Louisiana 'Native Guards' fight well for Union

By D. Terry Jones
Special to The Journal

When the Lincoln administration authorized the enlistment of African Americans into the Union army in 1862, the 1st Regiment of Louisiana Native Guards was the first unit to be organized. The army, however, did not believe African Americans would be dependable in combat so it restricted the new recruits to performing menial tasks as a way to free up white soldiers to do the fighting. This policy infuriated the Native Guards because they wanted to face the Rebels in battle. They understood that fighting was the only way to prove their worth as soldiers and to bolster their claim for equal rights when the war was over.

The Native Guards got their chance in May 1863 when General Nathaniel P. Banks surrounded the Confederate garrison defending Port Hudson, Louisiana. Port Hudson and Vicksburg, Mississippi, were the last two Rebel strongholds on the Mississippi River, and President Lincoln was eager to reduce them in order to split the Confederacy in two and reopen the river to Northern trade.

Among Banks' 30,000 men were the 1st and 3rd Louisiana Native Guards. The general needed every man he could muster for an attack on May 27 so he decided to give the Native Guards a chance to prove themselves in combat. William Dwight, Jr., a thirty-one-year-old Massachusetts general, commanded the portion of the battlefield that included the Native Guards. Dwight wrote that he believed Banks had decided to use the black soldiers in order "to test the negro question. . . . The negro will have the fate of his race on his conduct. I shall compromise nothing in making this attack for I regard it as an experiment."

Incredibly, Dwight's "experiment" did not include scouting out the position the Native Guards were to attack or even studying maps of the area. As it turned out, Louisiana's black Union soldiers were being sent into a tangled maze of felled trees, thick brush, and irregular ground which was, perhaps, the strongest part of the Confederate defenses. General Dwight remained in the rear drinking throughout the entire fight.

At about 10:00 a.m., the Native Guards moved forward across the six hundred yards of ground that separated them from the enemy. A third of the way across, Confederate artillery opened up with what was described as "shot and shells, and pieces of railroad iron twelve to eighteen inches long." One shell took off the head of the 1st Regiment's color bearer and scattered his brains on the men near him. Despite the horror, two soldiers stepped forward and vied for the honor to carry the flag. Captain André Cailloux, one of the few black officers in the Union army, had his left arm shattered above the elbow, but he continued to lead his company forward until another bullet killed him instantly. When Cailloux's men saw him go down, they fired one volley and retreated in confusion. The Confederates kept up a steady fire, and one later wrote, "We moad them down, and made them disperse, leaving there dead and wounded on the field to stink."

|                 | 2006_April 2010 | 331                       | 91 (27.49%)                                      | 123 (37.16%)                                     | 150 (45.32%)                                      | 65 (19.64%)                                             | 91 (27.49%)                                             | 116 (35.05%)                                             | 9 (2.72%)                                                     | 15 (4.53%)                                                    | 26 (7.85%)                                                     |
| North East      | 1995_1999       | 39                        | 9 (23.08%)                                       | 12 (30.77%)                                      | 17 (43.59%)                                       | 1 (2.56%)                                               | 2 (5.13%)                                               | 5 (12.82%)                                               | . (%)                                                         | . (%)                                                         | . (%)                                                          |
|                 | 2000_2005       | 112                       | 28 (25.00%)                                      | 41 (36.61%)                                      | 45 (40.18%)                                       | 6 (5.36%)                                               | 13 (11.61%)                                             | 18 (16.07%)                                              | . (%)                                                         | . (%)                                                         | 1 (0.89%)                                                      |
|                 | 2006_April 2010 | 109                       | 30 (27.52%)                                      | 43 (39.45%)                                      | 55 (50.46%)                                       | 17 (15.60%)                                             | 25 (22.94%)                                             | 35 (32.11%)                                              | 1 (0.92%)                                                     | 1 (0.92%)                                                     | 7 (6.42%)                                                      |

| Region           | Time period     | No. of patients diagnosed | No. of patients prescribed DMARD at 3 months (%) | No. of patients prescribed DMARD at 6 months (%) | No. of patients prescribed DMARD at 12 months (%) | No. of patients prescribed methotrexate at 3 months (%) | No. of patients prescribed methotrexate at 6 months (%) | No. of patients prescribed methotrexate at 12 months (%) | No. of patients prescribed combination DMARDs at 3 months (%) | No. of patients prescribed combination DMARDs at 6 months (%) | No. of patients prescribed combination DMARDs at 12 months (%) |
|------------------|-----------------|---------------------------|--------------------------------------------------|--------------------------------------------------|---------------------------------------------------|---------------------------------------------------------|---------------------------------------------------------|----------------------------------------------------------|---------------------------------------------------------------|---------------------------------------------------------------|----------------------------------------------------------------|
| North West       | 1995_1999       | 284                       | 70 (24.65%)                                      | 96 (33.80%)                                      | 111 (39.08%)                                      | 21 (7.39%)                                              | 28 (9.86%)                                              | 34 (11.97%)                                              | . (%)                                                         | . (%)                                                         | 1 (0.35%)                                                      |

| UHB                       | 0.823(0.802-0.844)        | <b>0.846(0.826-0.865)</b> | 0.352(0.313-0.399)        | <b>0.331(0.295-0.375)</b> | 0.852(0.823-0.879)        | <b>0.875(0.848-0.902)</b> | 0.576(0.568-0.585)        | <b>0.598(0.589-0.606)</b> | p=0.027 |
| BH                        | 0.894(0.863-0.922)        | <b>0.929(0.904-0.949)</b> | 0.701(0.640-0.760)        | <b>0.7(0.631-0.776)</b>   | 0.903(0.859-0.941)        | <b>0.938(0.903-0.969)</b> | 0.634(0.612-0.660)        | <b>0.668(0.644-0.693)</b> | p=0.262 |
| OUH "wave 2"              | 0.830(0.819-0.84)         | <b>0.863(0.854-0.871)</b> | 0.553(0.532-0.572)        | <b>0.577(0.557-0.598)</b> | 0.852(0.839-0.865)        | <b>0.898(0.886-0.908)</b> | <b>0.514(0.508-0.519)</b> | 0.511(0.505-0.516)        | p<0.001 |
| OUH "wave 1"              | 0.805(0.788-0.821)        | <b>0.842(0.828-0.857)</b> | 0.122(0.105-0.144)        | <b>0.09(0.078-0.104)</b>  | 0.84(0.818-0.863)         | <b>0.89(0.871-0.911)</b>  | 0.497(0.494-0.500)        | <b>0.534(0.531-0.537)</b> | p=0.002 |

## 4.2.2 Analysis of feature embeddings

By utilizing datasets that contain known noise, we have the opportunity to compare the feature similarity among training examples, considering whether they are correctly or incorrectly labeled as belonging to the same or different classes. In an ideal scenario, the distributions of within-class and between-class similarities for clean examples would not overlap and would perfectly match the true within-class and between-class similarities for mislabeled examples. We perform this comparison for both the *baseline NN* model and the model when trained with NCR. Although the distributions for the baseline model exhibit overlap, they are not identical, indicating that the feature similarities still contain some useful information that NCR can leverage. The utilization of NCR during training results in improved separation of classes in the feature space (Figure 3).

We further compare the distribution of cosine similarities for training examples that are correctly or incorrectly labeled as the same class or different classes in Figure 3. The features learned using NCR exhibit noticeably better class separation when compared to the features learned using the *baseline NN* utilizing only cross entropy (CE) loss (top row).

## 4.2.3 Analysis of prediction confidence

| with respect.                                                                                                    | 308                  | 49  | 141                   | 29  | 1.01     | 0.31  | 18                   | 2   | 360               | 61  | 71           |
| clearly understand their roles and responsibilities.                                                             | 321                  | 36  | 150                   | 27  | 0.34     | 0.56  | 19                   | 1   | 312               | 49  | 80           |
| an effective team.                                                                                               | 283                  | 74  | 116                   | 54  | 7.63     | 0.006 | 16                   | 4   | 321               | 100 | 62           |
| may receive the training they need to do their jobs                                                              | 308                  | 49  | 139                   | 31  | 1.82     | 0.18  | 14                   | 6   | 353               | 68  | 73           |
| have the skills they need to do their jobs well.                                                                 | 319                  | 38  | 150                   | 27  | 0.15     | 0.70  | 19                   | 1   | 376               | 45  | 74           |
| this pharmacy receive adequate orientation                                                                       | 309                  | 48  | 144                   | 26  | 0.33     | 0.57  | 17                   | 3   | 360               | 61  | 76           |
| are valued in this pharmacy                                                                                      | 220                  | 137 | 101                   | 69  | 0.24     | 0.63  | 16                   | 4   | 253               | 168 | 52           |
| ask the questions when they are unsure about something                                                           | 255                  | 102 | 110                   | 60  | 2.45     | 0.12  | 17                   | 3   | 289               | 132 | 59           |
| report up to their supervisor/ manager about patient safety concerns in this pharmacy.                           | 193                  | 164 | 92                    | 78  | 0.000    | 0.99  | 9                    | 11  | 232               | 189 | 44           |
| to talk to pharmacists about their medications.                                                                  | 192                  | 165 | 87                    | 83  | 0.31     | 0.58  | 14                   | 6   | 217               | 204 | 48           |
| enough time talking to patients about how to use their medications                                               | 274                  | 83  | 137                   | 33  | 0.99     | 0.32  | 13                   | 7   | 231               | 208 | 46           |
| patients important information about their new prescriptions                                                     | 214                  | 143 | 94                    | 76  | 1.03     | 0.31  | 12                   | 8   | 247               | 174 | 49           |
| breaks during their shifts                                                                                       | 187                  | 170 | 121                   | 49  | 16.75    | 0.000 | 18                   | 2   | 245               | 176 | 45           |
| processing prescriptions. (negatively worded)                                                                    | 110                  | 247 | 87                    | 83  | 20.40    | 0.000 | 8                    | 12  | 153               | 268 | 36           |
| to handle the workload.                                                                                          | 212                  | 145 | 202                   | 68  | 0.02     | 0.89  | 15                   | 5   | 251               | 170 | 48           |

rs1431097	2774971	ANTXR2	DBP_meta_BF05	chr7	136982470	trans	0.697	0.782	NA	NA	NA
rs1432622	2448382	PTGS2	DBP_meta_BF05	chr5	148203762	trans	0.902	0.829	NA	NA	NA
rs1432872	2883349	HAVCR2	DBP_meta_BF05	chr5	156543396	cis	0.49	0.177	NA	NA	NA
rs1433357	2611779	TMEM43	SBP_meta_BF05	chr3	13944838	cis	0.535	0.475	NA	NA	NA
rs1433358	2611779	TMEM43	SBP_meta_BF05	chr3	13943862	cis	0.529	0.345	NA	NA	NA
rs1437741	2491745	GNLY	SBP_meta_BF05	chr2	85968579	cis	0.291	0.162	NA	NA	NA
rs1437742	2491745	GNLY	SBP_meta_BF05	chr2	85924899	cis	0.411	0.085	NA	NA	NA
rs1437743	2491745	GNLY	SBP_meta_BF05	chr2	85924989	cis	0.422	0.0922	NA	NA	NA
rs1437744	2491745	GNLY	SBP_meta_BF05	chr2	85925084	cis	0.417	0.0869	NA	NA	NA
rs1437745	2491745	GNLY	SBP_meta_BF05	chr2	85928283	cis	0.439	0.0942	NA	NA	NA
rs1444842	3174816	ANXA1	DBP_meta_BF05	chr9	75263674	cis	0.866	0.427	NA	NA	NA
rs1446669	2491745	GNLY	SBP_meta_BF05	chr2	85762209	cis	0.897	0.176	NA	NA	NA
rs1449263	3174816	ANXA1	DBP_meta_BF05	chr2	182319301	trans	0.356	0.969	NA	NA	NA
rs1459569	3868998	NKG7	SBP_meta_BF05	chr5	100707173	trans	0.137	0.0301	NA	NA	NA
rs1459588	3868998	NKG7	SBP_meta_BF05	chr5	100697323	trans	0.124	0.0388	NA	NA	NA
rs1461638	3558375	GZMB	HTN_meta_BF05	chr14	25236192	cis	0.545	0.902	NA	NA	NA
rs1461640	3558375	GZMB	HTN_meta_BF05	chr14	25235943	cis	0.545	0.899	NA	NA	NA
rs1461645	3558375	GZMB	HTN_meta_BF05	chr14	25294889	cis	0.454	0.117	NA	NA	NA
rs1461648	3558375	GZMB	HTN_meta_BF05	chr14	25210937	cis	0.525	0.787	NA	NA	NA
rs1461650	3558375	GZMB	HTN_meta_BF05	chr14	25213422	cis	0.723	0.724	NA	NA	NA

Out of the approximately 1,000 Native Guards who participated in the attack, 36 were killed and 133 were wounded. The 60 Confederate defenders facing them did not lose a single man. For the entire day, Banks lost about 2,000 men to the Confederates' 500 casualties.

Northern newspapers and magazines wrote extensively about the black soldiers' bravery at Port Hudson, although they greatly exaggerated their accomplishments. A Harper's Weekly illustration showed the Native Guards mounting the Rebel breastworks and engaging in hand-to-hand combat. In fact, the main attack lasted about fifteen minutes and none of the black soldiers got anywhere near the Confederate position. The most significant contribution the Native Guards made at Port Hudson was proving that African Americans could fight as well as white soldiers. In the days following the doomed attack, many officers and men made note of the Native Guards' bravery and heavy losses. General Banks told his wife, "They fought splendidly!" and an enlisted man proclaimed, "All agree that none fought more boldly than the 'native guards'."

The Louisiana Native Guards were the first African American soldiers to see combat in a significant Civil War battle. Largely because of their service at Port Hudson, Union officers began recruiting more and more African Americans into the army and sending them into combat. By war's end 180,000 blacks served the Union, with Louisiana providing more soldiers than any other state.

Harper's Weekly illustration of the Native Guards fighting at Port Hudson (Harper's Weekly)

Dr. Terry L. Jones is a professor of history at the University of Louisiana at Monroe and has published six books on the American Civil War.